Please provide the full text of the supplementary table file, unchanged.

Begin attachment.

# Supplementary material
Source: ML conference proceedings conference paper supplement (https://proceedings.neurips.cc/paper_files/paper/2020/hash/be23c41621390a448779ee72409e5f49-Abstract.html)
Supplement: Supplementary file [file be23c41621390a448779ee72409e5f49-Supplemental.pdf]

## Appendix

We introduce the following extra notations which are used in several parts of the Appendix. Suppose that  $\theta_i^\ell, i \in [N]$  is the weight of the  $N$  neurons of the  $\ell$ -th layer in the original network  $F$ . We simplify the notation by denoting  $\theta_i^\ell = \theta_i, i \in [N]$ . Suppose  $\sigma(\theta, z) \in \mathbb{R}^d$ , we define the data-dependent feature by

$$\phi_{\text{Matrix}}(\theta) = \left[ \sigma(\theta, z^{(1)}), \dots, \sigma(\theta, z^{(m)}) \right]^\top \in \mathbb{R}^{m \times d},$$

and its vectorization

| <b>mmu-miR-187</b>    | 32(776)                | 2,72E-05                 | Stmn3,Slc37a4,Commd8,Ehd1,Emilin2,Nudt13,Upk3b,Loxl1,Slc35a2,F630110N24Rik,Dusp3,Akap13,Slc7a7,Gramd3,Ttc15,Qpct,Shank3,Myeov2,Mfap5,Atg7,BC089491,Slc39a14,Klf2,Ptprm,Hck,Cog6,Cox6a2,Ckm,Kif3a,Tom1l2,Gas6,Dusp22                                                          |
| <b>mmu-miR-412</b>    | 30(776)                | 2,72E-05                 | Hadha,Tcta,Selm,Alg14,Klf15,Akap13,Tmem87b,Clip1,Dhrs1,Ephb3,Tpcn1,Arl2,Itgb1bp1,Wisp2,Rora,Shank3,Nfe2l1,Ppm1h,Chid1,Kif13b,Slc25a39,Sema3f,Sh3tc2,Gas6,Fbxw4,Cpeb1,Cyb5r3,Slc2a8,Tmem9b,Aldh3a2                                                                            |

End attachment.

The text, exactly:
# Supplementary material
Source: ML conference proceedings conference paper supplement (https://proceedings.neurips.cc/paper_files/paper/2020/hash/be23c41621390a448779ee72409e5f49-Abstract.html)
Supplement: Supplementary file [file be23c41621390a448779ee72409e5f49-Supplemental.pdf]

## Appendix

We introduce the following extra notations which are used in several parts of the Appendix. Suppose that  $\theta_i^\ell, i \in [N]$  is the weight of the  $N$  neurons of the  $\ell$ -th layer in the original network  $F$ . We simplify the notation by denoting  $\theta_i^\ell = \theta_i, i \in [N]$ . Suppose  $\sigma(\theta, z) \in \mathbb{R}^d$ , we define the data-dependent feature by

$$\phi_{\text{Matrix}}(\theta) = \left[ \sigma(\theta, z^{(1)}), \dots, \sigma(\theta, z^{(m)}) \right]^\top \in \mathbb{R}^{m \times d},$$

and its vectorization

| <b>mmu-miR-187</b>    | 32(776)                | 2,72E-05                 | Stmn3,Slc37a4,Commd8,Ehd1,Emilin2,Nudt13,Upk3b,Loxl1,Slc35a2,F630110N24Rik,Dusp3,Akap13,Slc7a7,Gramd3,Ttc15,Qpct,Shank3,Myeov2,Mfap5,Atg7,BC089491,Slc39a14,Klf2,Ptprm,Hck,Cog6,Cox6a2,Ckm,Kif3a,Tom1l2,Gas6,Dusp22                                                          |
| <b>mmu-miR-412</b>    | 30(776)                | 2,72E-05                 | Hadha,Tcta,Selm,Alg14,Klf15,Akap13,Tmem87b,Clip1,Dhrs1,Ephb3,Tpcn1,Arl2,Itgb1bp1,Wisp2,Rora,Shank3,Nfe2l1,Ppm1h,Chid1,Kif13b,Slc25a39,Sema3f,Sh3tc2,Gas6,Fbxw4,Cpeb1,Cyb5r3,Slc2a8,Tmem9b,Aldh3a2                                                                            |